The other critical factor in amplifier precision is the phase delay of signal REF-- SIGNAL. If a phase difference exists between signals REF-- SIGNAL and AUDIO-- IN, the instantaneous magnitudes of the signals will differ even if the waveforms are identical in all other respects. This difference will be seen as an error by error amplifier circuit 207 and can lead to unwanted oscillations and distortions of the output signal as error amplifier circuit 207 attempts to "correct" a signal that may already match the original signal. Because of the discrete components in the filters that generate the output signals used by the feedback loop, phase shift is inevitable in conventional Class D amplifiers. The capacitances in filters 103, 104, 203, and 204 ensure a certain amount of phase delay in signal REF-- SIGNAL. This amount can be reduced by increasing filter capacitor size, but this increase also lowers the cut-off frequency of the filter and can have a detrimental effect on the frequency response of the amplifier.
Accordingly, it is desirable to provide a feedback amplifier circuit that is capable of providing accurate reproduction of amplifier output while introducing minimal phase shift.
The present invention provides, in a Class D amplifier, a reference signal amplifier circuit for accurately reproducing the output signal of the amplifier within an error-correcting feedback loop circuit. According to the present invention, the reference signal amplifier is directly connected to the output stage of the amplifier. An op-amp configured as a differential amplifier circuit in the feedback loop circuit combines the digital signals from the output stage of the amplifier into a single reference signal. By reducing the bandwidth of the op-amp, the differential amplifier circuit behaves like a low-pass filter, effectively rejecting any switching noise. In addition, by directly coupling to the output stage of the amplifier, the influence of any potentially disruptive back-EMF from an external speaker is minimized. Finally, because discrete RC or LC filters are not used to generate the reference signal, no phase shift is introduced into the reference signal. This leads to the generation of an accurate reference signal that can properly be compared to the original input signal to the amplifier for error-correction purposes.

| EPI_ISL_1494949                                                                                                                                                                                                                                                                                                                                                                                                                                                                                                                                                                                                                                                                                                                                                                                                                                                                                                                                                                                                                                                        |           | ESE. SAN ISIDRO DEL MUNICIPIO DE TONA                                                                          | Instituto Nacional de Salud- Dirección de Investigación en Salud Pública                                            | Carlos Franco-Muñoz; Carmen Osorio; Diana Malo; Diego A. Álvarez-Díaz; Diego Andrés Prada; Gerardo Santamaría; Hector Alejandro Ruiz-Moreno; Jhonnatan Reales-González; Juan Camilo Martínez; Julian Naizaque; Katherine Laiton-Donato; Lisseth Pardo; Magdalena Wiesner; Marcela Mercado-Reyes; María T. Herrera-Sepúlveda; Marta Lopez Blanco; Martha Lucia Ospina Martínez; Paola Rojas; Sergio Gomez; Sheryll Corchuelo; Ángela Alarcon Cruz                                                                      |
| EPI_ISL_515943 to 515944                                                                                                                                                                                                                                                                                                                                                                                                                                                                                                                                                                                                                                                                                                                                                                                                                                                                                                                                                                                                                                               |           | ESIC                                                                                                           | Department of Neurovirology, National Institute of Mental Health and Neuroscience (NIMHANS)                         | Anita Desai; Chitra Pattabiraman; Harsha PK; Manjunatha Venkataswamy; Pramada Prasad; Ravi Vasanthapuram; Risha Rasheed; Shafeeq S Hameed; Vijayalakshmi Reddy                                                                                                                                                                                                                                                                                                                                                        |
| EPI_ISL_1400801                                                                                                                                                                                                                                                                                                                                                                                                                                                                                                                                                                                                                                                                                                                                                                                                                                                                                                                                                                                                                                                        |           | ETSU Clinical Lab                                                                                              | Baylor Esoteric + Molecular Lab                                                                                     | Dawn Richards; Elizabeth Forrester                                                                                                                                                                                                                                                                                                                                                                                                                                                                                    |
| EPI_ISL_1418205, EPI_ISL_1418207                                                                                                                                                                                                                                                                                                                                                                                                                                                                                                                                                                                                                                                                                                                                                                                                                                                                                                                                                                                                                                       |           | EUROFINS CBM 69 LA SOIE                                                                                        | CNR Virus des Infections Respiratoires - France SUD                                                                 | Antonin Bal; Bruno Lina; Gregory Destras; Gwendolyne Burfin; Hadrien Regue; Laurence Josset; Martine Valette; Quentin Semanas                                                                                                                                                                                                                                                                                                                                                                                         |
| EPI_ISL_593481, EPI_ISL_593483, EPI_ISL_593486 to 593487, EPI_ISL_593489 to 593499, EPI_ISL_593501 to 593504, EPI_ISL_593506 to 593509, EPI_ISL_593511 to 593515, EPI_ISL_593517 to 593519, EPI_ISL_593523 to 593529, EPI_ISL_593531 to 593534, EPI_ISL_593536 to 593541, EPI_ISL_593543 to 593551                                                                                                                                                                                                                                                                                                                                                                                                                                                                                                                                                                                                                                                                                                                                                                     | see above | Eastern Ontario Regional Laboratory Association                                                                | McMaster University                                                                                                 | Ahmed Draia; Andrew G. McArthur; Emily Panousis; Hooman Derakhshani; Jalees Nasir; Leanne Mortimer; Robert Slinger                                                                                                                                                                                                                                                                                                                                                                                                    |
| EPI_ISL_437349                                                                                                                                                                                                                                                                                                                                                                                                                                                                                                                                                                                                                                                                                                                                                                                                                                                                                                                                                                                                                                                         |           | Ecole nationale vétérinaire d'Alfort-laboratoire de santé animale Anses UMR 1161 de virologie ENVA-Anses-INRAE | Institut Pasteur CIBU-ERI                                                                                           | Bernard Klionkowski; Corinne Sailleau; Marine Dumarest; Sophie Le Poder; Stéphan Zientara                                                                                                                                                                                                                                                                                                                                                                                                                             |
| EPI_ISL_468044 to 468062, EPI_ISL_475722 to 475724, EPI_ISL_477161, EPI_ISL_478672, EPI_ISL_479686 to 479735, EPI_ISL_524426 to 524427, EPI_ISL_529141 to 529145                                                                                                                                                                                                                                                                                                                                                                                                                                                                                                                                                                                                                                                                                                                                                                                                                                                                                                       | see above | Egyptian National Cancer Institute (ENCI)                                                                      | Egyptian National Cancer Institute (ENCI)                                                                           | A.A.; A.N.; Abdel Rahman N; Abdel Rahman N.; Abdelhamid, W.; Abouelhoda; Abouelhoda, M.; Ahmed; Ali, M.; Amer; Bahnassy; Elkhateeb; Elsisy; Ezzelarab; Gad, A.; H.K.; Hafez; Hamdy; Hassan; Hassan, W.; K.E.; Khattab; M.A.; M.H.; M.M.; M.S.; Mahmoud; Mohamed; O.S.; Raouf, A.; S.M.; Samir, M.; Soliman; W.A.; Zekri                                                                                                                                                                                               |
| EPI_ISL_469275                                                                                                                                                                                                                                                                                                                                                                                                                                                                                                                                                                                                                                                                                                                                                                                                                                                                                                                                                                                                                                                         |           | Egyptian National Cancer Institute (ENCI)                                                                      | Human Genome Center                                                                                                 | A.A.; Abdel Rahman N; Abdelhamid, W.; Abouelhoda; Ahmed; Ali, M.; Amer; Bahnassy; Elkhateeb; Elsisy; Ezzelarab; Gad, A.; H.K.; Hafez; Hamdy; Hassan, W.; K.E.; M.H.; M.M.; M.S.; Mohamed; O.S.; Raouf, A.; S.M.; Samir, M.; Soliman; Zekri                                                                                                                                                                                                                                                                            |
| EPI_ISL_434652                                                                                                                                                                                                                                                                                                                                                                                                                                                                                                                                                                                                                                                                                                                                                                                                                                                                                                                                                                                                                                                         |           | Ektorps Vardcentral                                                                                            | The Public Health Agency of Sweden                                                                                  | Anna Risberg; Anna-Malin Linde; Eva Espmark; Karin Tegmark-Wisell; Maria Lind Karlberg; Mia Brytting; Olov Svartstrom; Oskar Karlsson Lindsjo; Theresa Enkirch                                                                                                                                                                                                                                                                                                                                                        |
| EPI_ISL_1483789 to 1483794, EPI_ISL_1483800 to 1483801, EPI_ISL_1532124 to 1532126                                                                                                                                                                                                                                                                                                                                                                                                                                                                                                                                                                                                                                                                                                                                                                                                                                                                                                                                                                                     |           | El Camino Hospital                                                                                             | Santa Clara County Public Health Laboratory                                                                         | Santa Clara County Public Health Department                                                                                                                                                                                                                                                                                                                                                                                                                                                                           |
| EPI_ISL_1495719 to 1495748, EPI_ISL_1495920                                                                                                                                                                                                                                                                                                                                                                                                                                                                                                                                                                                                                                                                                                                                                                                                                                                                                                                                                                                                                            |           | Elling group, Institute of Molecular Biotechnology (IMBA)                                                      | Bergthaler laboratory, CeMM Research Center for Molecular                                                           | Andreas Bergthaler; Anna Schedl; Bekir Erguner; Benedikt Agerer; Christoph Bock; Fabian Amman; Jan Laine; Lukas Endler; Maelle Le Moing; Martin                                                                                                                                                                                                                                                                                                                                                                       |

This invention will be more fully understood after consideration of the following detailed description taken along with the accompanying drawings.
FIG. 1 is a block diagram of basic Class D amplifier operation;
FIG. 2a is a block diagram of a conventional feedback loop in a Class D amplifier;
FIG. 2b is a block diagram of another conventional feedback loop in a Class D amplifier;
FIG. 3a is an implementation of an output filter;
FIG. 3b is an implementation of a feedback filter;
FIG. 4 is a block diagram of a feedback loop in a Class D amplifier using the present invention; and
FIG. 5 is a schematic circuit diagram of the present invention.
Use of the same reference numbers in different figures indicates similar or like elements.
The present invention provides a feedback loop for a Class D amplifier that generates an accurate, low-delay reproduction of the output signal for comparison with the original input signal. An embodiment of the present invention is shown in FIG. 4. As in a conventional Class D amplifier, an analog input signal AUDIO-- IN is fed into an error amplifier circuit 207 that adjusts signal AUDIO-- IN. The resultant signal ADJ-- OUT is transformed into a high-frequency digital signal DIG-- OUT by a pulse-width modulator, or PWM 101. An output stage 102 provides level shifting and splits signal DIG-- OUT into a driving signal HI-- OUT and a driving signal LO-- OUT. Output filters 103 and 104 remove switching noise and convert the digital signals HI-- OUT and LO-- OUT, respectively, back into analog signals capable of driving an external speaker 105. In order to ensure proper error-correction performance by error amplifier circuit 207, the present invention provides a reference signal amplifier circuit 406. Circuit 406 takes signals HI-- OUT and LO-- OUT directly from output stage 102 and combines them into a single reference signal REF-- SIGNAL. An embodiment of reference signal amplifier circuit 406 is shown in FIG. 5. A low-bandwidth op-amp 501 is configured as a differential amplifier by resistors 502, 503, 504, and 505. By reducing the bandwidth of op-amp 501 so that its gain rolls off at a desired filtering frequency, the high-frequency switching noise can be eliminated. At the same time, as long as the rolloff frequency is greater than the frequencies of signals HI-- OUT and LO-- OUT, the output signal is passed without any phase shift. Therefore, an output signal REF-- SIGNAL is produced that is in phase with original input signal AUDIO-- IN. Signal REF-- SIGNAL generated by circuit 406 and signal AUDIO-- IN can thus be properly compared by error amplifier circuit 207 to obtain accurate results for error-correction. In addition, circuit 406 avoids the distorting effects of back-EMF from speaker 105 without requiring the additional filters 203 and 204 shown in FIG. 2b.
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|U.S. Classification||330/10, 330/207.00A|
|Feb 25, 1998||AS||Assignment|
Owner name: NATIONAL SEMICONDUCTOR CORPORATION, CALIFORNIA
Free format text: ASSIGNMENT OF ASSIGNORS INTEREST;ASSIGNORS:NGUYEN, HUEY;TAKAGISHI, HIDETO;REEL/FRAME:009028/0364
Effective date: 19980219